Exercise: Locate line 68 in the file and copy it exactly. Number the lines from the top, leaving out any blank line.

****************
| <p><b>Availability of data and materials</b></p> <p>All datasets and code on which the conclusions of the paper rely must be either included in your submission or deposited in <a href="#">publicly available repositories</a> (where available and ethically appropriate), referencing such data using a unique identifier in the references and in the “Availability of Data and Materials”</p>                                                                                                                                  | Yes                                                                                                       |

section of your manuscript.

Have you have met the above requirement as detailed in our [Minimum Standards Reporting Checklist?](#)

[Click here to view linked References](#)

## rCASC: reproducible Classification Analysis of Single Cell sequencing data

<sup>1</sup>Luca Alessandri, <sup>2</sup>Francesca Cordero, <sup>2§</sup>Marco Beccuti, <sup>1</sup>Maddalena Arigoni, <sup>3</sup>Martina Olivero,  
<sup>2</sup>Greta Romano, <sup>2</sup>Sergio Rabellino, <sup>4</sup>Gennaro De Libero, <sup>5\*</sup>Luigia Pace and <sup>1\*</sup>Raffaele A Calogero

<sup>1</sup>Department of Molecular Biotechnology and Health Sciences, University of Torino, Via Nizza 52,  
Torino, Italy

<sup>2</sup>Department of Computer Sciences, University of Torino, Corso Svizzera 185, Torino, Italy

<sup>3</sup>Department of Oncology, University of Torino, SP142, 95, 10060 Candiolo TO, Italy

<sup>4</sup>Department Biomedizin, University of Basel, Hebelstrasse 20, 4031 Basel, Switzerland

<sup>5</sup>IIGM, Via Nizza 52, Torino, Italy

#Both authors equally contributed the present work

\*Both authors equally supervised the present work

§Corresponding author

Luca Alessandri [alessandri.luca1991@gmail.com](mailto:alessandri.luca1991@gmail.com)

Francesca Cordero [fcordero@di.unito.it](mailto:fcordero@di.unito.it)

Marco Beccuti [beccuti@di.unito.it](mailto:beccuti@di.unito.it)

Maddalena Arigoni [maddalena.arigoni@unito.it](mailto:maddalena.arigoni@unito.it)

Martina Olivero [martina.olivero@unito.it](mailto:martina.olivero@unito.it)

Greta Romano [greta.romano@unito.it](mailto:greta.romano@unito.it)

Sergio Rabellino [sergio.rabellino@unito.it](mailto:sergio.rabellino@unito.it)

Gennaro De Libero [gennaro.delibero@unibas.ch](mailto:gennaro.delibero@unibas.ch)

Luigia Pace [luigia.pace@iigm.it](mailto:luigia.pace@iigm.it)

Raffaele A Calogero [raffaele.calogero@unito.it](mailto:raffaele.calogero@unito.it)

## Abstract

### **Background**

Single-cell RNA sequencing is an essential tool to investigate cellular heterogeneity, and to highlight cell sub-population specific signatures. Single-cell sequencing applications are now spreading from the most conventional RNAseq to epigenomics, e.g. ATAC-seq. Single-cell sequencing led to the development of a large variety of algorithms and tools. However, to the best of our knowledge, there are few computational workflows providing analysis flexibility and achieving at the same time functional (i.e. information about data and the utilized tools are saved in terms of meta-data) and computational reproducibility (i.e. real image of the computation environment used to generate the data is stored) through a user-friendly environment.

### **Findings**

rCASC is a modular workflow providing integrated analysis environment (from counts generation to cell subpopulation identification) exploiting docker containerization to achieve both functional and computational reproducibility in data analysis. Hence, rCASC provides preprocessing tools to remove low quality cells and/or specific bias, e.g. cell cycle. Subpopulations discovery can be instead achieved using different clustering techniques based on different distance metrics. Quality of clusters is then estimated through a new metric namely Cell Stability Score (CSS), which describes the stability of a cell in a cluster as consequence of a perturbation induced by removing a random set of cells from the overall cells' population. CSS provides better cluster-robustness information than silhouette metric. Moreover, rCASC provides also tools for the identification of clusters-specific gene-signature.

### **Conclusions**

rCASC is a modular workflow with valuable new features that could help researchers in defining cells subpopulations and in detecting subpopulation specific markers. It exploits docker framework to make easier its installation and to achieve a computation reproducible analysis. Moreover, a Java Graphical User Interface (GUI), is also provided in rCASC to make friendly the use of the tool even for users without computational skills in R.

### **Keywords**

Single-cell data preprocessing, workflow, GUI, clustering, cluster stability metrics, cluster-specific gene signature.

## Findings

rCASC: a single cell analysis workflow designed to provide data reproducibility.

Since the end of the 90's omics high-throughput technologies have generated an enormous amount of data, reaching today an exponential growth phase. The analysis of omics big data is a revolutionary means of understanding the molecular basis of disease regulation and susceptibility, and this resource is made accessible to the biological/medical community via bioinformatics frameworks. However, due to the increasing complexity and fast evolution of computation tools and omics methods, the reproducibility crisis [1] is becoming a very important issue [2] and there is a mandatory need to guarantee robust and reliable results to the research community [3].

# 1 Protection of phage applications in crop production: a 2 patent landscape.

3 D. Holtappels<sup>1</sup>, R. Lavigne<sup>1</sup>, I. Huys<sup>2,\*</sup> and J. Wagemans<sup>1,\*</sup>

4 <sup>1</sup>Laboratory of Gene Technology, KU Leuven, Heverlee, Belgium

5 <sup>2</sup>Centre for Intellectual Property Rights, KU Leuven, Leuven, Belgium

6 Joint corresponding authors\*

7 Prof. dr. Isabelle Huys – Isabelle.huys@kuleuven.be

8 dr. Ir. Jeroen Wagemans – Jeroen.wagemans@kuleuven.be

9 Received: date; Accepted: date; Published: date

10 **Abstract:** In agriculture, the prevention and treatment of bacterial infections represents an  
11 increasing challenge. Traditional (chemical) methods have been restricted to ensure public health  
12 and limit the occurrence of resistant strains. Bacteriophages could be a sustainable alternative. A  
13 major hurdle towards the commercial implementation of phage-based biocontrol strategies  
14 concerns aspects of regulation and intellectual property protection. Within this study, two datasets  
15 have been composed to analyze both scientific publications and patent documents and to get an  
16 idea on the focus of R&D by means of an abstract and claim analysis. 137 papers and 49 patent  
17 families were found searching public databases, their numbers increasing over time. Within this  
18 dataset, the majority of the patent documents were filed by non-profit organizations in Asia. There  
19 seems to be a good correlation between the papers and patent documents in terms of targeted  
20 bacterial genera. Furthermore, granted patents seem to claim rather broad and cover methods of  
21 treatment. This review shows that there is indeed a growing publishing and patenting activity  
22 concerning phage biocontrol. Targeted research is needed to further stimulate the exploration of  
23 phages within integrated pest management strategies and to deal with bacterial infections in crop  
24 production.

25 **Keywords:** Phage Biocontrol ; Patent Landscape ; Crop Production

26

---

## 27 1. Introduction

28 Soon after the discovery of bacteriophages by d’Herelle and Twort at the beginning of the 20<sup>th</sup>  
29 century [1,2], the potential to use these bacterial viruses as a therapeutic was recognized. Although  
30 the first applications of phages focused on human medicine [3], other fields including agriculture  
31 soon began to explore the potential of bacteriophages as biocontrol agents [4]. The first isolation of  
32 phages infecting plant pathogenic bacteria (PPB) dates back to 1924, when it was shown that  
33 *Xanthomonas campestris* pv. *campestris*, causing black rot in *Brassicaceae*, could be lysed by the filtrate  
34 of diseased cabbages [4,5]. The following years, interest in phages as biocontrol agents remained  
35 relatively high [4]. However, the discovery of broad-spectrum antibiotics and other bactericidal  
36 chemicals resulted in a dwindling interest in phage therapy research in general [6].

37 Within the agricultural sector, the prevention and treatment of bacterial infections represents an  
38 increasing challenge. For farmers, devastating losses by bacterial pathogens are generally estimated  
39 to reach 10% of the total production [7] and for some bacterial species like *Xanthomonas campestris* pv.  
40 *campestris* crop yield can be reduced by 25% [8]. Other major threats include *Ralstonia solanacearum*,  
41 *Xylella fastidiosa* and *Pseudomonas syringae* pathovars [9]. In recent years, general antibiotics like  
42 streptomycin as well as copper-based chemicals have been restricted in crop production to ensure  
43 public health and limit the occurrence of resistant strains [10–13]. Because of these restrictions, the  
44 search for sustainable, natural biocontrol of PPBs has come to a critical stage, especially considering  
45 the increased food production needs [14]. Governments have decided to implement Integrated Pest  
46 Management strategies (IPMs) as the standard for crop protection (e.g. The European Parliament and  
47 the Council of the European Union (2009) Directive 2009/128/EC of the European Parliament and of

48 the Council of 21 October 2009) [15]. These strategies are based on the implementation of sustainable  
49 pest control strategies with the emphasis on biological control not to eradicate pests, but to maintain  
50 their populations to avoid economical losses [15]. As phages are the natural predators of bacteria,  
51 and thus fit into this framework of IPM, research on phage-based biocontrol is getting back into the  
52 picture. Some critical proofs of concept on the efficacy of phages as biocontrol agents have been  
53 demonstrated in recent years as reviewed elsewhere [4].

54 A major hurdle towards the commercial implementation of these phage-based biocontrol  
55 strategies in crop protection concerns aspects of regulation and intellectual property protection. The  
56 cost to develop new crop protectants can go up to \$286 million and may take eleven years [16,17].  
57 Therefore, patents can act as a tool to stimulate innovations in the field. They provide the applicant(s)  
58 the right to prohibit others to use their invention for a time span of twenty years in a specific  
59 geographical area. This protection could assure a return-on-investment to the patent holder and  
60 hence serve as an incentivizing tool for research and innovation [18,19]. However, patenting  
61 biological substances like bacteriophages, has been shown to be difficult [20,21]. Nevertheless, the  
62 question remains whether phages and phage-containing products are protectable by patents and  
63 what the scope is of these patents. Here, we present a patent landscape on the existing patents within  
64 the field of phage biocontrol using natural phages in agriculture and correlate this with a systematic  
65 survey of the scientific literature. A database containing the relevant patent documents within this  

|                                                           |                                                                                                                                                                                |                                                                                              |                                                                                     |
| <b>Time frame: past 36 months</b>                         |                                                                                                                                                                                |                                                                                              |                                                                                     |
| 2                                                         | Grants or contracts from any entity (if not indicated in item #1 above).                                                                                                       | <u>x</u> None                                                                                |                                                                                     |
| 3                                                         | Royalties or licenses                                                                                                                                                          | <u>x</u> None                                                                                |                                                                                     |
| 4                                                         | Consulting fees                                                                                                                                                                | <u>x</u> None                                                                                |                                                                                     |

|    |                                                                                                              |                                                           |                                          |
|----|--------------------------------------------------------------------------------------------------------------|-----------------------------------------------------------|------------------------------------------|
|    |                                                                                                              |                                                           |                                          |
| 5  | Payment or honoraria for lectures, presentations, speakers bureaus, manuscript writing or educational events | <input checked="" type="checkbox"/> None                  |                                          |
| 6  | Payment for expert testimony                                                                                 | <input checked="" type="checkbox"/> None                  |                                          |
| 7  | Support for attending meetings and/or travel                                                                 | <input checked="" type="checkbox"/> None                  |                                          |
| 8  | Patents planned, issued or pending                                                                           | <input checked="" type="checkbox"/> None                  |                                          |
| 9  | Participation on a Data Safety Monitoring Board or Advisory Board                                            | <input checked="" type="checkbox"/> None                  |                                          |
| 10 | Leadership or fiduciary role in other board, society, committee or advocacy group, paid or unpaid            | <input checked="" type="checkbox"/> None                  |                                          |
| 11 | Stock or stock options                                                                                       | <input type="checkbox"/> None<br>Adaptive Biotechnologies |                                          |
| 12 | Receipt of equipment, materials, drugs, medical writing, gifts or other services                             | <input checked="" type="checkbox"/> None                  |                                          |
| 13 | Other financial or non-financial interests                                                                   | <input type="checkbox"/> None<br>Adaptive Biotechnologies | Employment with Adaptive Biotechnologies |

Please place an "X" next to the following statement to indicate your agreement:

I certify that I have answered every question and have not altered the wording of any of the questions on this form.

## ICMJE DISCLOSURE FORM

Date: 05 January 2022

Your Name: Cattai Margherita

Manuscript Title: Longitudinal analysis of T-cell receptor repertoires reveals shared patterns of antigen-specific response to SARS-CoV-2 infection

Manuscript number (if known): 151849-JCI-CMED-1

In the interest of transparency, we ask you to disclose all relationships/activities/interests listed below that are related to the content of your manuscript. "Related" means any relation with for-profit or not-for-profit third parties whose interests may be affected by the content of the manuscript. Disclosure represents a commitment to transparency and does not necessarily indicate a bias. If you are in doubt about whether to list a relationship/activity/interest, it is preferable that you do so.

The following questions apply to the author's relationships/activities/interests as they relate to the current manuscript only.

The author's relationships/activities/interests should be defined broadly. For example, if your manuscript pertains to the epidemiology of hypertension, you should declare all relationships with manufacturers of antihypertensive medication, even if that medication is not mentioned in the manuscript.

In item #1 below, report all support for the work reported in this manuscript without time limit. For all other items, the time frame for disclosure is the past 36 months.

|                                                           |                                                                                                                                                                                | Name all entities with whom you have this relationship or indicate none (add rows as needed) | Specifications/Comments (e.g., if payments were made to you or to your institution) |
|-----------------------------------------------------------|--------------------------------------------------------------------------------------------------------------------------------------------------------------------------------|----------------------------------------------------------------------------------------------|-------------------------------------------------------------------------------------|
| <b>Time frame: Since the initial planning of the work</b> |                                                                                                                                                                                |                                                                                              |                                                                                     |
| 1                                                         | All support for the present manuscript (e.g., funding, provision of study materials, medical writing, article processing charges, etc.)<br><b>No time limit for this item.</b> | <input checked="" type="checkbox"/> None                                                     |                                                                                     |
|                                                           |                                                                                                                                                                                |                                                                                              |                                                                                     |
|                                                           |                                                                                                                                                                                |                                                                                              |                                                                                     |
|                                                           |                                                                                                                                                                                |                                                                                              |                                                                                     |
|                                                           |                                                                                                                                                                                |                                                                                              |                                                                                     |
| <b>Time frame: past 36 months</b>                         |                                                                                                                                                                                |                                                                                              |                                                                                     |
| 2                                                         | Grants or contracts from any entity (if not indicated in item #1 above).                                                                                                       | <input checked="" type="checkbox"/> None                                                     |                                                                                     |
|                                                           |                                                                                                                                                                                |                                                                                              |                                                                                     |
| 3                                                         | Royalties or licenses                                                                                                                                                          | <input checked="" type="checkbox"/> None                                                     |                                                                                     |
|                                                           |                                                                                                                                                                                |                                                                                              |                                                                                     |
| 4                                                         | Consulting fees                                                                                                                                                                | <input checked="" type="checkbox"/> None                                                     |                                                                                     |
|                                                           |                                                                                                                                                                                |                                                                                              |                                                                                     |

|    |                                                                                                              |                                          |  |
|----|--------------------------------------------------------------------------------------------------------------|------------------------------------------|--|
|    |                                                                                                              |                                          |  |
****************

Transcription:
30 the first applications of phages focused on human medicine [3], other fields including agriculture  